A recent article "Why REST Security Doesn't Exist." postulates, "REST does not have predefined security methods, so developers define their own."
Some good points in here (such as 'don't roll your own') but I might not completely agree with the premise.
One of the fundamental principles of REST is that it builds on the HTTP protocol -- and the HTTP protocol very much does have "predefined security methods."
The basic HTTP protocol supports a way to plug in different security schemes. It also supports OAuth, two-way SSL, and many other mechanisms. Not only does HTTP allow for many security schemes, many of which like HTTP basic are defined by IETF standards, but it also supports a mechanism that allows a server to identify when a request was rejected, if the request was rejected because the security credentials were invalid or because an authorization check failed, and whether the rejection was permanent or temporary. HTTP also includes a mechanism that allows the server to issue a "challenge" that asks the client to re-send a request with a particular type of credentials if it has them. This all adds up to a security method that has proven quite robust over the years and has been extended with new methods such as OAuth when new problems arise.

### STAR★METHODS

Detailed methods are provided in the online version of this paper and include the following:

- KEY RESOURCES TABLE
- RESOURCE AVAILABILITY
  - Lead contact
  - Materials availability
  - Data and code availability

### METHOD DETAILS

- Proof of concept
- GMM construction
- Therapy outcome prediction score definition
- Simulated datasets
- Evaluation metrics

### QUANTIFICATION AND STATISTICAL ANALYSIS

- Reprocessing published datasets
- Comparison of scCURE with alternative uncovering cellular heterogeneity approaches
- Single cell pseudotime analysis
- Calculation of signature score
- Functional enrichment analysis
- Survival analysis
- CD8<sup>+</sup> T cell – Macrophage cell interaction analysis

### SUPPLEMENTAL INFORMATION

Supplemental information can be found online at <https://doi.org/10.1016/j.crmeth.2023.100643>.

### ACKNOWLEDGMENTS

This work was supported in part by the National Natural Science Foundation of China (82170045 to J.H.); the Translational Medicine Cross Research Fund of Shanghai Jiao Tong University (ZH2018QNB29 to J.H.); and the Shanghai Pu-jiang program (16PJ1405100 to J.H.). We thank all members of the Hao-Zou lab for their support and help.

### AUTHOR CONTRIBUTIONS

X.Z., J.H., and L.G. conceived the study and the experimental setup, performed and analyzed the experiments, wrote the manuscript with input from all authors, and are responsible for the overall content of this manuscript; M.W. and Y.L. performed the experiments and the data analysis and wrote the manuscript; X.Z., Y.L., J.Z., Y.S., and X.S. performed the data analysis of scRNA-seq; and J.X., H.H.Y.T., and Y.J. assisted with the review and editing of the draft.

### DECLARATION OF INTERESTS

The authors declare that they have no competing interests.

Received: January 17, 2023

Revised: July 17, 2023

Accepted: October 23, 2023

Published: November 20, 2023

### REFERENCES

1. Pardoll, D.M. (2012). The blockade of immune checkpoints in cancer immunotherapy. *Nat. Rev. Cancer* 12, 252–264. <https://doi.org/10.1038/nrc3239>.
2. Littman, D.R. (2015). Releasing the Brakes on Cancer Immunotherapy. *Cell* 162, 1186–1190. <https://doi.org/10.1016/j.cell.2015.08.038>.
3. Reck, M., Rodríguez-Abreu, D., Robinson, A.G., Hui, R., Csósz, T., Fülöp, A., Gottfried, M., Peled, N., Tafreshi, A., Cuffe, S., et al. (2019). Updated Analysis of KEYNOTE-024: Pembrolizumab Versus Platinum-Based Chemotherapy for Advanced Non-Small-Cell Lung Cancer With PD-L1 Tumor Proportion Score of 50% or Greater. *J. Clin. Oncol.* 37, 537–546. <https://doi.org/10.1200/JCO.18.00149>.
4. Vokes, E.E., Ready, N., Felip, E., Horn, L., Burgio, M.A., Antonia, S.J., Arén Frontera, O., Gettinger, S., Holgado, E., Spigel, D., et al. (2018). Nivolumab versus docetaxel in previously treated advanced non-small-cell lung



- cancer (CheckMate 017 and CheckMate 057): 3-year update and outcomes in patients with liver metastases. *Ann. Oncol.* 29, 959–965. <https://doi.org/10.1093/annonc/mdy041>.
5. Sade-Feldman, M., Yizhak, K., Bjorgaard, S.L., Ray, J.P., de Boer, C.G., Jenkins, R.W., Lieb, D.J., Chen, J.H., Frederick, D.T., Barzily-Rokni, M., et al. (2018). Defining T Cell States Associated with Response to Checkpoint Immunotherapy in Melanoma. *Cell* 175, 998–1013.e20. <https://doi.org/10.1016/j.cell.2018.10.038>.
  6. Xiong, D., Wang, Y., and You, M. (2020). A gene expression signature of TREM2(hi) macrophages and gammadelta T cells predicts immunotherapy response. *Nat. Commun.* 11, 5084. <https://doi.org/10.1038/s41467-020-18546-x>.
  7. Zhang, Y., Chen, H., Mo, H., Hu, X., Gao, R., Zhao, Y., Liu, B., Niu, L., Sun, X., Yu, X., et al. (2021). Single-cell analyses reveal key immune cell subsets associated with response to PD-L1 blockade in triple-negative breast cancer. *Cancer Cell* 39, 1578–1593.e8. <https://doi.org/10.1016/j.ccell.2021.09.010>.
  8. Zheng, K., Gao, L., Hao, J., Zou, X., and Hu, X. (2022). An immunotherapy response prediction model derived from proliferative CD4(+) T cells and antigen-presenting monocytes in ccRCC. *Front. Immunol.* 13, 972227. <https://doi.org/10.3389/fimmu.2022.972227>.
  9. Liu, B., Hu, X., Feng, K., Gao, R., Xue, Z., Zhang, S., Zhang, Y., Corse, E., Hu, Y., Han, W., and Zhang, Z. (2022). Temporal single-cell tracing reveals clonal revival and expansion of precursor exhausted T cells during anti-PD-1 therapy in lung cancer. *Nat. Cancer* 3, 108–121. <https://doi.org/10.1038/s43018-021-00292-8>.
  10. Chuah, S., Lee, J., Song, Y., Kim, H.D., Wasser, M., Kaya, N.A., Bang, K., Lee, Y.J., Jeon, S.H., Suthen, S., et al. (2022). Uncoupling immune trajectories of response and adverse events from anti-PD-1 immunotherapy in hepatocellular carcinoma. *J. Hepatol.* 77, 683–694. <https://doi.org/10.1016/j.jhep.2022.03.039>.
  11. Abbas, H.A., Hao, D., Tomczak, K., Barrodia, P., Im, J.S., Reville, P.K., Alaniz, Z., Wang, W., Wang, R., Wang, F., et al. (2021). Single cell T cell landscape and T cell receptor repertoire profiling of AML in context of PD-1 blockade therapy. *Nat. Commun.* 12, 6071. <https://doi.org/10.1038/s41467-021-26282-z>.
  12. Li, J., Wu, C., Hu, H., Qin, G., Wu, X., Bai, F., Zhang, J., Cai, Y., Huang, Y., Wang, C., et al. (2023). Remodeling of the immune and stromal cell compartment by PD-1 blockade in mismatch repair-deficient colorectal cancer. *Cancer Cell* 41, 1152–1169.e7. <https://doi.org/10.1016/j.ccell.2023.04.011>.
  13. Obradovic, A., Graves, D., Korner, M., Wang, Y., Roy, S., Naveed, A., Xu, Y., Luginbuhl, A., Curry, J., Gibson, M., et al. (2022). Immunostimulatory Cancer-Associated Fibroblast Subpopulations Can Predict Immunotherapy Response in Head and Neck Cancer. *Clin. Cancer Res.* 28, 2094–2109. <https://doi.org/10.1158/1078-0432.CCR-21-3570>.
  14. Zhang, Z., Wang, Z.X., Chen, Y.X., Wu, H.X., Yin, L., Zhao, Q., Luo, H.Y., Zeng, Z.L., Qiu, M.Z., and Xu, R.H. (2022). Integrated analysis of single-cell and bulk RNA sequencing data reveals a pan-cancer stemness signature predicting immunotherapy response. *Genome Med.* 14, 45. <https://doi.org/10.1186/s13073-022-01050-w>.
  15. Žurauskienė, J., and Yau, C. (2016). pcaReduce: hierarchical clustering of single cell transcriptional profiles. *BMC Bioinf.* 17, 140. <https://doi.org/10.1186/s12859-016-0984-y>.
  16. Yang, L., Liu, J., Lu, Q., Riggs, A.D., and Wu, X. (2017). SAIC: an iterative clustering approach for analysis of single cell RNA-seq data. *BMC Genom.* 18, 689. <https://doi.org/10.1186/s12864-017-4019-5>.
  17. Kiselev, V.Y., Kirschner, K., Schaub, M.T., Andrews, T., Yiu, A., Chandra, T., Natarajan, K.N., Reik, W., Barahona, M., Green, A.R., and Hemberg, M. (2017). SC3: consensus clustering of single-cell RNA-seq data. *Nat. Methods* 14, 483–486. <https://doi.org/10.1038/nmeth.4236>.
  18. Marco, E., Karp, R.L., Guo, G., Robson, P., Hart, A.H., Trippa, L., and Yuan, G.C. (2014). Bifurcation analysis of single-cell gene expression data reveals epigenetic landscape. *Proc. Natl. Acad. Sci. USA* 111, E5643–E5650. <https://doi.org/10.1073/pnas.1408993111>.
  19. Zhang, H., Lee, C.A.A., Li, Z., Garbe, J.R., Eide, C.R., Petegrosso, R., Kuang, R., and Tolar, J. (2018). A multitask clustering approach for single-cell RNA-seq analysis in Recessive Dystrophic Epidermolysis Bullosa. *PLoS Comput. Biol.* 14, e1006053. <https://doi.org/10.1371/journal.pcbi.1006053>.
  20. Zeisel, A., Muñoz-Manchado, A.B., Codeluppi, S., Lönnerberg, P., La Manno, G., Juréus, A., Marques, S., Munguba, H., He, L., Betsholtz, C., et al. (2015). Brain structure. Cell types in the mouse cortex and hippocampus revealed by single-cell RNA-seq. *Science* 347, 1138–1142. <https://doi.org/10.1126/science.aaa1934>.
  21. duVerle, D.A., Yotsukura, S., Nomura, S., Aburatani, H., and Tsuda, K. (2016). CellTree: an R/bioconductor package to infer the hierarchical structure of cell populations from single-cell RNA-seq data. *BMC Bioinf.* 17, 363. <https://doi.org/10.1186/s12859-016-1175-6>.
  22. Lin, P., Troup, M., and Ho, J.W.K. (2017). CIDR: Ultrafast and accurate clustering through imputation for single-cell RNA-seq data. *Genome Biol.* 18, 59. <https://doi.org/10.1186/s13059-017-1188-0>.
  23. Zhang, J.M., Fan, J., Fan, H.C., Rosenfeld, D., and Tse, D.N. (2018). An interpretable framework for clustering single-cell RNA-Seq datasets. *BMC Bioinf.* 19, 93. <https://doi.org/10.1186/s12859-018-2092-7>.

Also, don't forget that different APIs demand different security requirements. An API that offers product catalog information, for instance, with no way to update the information, does not require strong authentication if the owner of the data intends that data to be public anyway. A simple "developer key" that uniquely identifies the sender of the request -- yes, a username "without a password" -- is just fine for that type of API because it is used to identify the user for various tracking purposes, and is not designed to prevent unauthorized users from gaining access to the data.
Cool article and great to see some discussion on this!